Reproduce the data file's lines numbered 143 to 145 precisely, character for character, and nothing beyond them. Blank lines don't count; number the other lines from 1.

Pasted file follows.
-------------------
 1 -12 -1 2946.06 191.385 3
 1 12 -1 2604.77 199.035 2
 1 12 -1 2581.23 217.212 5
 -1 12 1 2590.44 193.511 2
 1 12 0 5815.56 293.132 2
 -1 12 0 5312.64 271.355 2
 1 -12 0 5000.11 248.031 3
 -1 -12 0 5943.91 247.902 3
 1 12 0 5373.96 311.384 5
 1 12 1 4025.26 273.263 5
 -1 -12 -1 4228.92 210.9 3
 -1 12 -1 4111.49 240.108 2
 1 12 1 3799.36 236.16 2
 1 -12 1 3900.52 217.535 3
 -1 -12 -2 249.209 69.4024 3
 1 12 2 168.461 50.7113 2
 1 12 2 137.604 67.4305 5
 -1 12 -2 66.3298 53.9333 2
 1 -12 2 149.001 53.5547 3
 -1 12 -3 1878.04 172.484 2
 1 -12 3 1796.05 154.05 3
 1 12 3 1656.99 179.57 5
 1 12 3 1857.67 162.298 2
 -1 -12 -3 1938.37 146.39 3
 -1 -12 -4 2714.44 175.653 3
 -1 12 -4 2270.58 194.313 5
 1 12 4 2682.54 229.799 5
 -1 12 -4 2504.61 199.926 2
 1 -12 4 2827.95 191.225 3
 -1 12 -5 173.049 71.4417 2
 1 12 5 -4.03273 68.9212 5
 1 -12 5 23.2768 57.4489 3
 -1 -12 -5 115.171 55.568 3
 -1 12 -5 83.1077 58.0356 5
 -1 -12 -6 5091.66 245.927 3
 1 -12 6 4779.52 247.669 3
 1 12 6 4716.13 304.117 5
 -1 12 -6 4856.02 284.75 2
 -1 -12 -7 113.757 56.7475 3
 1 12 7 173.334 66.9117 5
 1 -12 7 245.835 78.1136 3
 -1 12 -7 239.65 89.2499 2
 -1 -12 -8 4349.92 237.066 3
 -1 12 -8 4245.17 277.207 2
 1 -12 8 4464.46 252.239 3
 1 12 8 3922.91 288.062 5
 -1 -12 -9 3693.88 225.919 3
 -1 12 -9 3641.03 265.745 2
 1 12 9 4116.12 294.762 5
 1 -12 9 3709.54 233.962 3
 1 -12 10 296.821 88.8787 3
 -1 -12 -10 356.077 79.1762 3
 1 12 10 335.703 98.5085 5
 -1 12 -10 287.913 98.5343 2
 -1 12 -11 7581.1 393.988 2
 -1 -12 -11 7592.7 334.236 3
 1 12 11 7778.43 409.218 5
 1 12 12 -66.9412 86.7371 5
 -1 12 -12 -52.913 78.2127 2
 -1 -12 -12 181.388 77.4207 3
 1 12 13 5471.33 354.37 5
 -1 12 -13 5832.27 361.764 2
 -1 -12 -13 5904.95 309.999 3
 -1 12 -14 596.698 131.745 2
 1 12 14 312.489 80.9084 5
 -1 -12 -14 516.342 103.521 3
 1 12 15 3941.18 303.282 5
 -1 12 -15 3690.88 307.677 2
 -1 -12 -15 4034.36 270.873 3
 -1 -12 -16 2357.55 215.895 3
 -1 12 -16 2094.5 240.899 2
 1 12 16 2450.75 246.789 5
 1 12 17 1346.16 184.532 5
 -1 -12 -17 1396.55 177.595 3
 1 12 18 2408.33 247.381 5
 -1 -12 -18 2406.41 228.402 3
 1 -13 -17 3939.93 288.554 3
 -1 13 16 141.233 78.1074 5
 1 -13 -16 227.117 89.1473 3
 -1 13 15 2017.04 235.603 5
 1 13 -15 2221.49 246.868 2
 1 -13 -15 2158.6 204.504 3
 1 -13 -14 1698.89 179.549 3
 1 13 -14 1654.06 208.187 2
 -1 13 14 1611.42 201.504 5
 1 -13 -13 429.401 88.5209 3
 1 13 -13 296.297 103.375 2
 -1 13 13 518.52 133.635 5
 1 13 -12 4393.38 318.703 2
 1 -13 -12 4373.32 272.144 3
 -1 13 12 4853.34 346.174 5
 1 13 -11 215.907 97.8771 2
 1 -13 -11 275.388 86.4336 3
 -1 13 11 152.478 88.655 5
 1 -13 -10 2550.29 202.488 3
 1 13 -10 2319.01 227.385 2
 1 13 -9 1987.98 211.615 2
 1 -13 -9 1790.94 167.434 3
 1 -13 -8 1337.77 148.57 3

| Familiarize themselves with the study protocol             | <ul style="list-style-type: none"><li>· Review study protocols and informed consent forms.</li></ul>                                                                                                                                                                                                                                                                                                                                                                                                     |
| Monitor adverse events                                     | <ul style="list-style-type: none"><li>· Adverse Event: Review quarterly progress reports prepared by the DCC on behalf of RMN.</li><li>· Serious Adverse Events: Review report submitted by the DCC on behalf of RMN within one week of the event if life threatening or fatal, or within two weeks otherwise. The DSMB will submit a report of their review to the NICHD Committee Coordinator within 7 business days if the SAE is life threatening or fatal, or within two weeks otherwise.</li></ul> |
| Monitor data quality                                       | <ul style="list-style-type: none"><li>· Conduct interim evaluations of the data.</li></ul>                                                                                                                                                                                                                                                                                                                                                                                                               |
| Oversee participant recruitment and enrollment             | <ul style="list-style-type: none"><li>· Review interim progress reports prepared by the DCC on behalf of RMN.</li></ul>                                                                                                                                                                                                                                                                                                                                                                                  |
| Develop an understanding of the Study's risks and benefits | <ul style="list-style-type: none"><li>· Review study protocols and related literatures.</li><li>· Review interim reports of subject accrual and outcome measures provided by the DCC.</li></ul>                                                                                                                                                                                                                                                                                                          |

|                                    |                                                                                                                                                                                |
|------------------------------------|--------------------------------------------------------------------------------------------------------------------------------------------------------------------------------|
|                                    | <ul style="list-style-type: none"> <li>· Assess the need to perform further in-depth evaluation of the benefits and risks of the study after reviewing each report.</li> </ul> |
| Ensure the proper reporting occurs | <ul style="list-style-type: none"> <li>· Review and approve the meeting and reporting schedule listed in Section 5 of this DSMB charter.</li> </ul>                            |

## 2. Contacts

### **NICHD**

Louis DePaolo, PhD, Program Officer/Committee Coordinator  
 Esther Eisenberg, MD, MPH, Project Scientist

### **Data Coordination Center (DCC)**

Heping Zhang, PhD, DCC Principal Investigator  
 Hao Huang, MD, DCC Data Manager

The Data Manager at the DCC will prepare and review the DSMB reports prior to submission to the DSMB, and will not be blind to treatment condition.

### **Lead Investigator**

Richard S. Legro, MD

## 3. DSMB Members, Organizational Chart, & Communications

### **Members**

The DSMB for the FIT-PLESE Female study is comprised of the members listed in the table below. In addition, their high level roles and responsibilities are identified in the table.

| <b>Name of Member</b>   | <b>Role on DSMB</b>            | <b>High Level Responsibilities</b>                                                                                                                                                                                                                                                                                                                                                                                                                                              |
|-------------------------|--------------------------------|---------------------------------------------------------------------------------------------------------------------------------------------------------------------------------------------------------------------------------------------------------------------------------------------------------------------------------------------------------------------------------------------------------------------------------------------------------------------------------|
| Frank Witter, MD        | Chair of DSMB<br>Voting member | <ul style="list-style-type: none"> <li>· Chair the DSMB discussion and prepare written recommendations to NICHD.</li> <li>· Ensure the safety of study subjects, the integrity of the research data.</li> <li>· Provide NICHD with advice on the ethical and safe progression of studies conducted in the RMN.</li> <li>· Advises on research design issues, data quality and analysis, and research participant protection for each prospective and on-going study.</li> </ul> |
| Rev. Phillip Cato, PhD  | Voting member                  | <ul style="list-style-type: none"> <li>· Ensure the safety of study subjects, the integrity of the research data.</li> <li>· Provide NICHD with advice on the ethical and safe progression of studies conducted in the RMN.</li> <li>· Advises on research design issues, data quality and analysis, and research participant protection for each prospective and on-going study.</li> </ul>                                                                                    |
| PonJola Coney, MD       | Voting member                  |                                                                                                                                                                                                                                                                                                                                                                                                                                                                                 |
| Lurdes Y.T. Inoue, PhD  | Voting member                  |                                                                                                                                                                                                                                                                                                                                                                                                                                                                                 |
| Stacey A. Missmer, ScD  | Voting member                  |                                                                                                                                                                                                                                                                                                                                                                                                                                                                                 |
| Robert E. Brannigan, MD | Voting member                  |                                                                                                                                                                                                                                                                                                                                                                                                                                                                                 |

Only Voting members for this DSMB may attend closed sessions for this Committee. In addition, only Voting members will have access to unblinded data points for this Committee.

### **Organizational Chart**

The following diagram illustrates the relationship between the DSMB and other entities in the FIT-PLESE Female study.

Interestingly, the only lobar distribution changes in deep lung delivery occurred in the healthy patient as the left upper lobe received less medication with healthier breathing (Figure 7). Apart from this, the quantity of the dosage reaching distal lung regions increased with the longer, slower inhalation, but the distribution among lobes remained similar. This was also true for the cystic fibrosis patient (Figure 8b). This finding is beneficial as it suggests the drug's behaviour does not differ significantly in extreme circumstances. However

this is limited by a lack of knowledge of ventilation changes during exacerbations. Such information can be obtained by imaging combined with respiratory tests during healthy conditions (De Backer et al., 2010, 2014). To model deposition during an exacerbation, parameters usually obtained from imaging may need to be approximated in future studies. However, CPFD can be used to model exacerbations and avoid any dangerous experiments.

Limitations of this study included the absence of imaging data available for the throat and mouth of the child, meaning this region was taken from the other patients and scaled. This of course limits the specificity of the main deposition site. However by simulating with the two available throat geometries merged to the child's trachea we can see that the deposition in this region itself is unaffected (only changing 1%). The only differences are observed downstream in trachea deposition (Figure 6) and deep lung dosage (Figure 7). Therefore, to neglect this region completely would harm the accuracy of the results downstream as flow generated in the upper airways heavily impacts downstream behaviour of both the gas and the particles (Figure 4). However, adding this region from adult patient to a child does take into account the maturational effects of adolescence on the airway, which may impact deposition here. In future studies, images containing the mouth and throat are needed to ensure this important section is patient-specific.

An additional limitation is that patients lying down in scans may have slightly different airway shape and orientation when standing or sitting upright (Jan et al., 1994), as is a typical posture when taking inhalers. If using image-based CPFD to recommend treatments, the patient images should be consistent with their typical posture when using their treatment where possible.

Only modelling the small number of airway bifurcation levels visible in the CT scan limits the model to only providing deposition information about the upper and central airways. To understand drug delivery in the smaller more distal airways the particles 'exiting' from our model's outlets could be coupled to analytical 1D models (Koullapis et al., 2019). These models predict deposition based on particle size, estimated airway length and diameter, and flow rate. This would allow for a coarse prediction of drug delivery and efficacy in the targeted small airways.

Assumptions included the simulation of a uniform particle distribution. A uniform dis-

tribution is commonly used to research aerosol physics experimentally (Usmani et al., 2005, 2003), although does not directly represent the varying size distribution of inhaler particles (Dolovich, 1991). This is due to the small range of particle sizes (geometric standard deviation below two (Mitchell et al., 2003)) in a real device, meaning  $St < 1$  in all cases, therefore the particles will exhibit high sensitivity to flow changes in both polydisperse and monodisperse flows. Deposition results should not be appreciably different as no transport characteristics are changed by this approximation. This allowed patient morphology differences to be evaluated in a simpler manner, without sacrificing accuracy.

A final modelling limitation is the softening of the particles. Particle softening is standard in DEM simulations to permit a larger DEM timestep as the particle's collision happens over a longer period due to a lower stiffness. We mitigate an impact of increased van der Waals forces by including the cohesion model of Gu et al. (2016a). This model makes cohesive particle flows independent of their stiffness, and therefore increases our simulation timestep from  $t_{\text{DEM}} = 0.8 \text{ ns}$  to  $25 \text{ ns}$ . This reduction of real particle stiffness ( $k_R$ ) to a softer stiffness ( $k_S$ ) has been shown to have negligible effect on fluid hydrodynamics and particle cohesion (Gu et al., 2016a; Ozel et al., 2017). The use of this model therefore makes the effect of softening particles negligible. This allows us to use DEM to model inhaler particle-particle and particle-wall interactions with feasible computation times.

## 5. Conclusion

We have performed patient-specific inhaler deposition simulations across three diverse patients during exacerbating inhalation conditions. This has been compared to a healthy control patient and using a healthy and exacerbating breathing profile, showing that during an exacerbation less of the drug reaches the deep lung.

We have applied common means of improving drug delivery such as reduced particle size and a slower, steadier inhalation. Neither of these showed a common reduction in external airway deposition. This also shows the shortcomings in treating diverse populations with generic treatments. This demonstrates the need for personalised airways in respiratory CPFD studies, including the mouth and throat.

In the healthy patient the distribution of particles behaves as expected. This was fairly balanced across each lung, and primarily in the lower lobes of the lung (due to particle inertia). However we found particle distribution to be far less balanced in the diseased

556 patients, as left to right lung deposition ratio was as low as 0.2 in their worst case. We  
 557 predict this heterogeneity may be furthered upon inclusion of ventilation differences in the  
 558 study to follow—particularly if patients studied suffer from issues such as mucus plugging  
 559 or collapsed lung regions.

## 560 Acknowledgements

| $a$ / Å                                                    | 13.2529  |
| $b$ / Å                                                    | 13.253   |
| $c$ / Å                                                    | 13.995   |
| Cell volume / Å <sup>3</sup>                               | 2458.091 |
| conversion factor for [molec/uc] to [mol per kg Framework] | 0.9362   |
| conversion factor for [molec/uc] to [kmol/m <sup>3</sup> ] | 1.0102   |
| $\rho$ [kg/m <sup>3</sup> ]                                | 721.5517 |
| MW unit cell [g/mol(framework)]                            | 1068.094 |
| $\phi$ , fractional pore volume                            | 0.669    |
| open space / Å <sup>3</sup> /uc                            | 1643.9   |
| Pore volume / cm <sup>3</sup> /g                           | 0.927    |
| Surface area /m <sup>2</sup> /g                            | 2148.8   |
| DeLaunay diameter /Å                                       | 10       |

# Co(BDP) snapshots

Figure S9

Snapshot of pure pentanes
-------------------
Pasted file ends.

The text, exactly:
We have applied common means of improving drug delivery such as reduced particle size and a slower, steadier inhalation. Neither of these showed a common reduction in external airway deposition. This also shows the shortcomings in treating diverse populations with generic treatments. This demonstrates the need for personalised airways in respiratory CPFD studies, including the mouth and throat.

In the healthy patient the distribution of particles behaves as expected. This was fairly balanced across each lung, and primarily in the lower lobes of the lung (due to particle inertia). However we found particle distribution to be far less balanced in the diseased

556 patients, as left to right lung deposition ratio was as low as 0.2 in their worst case. We  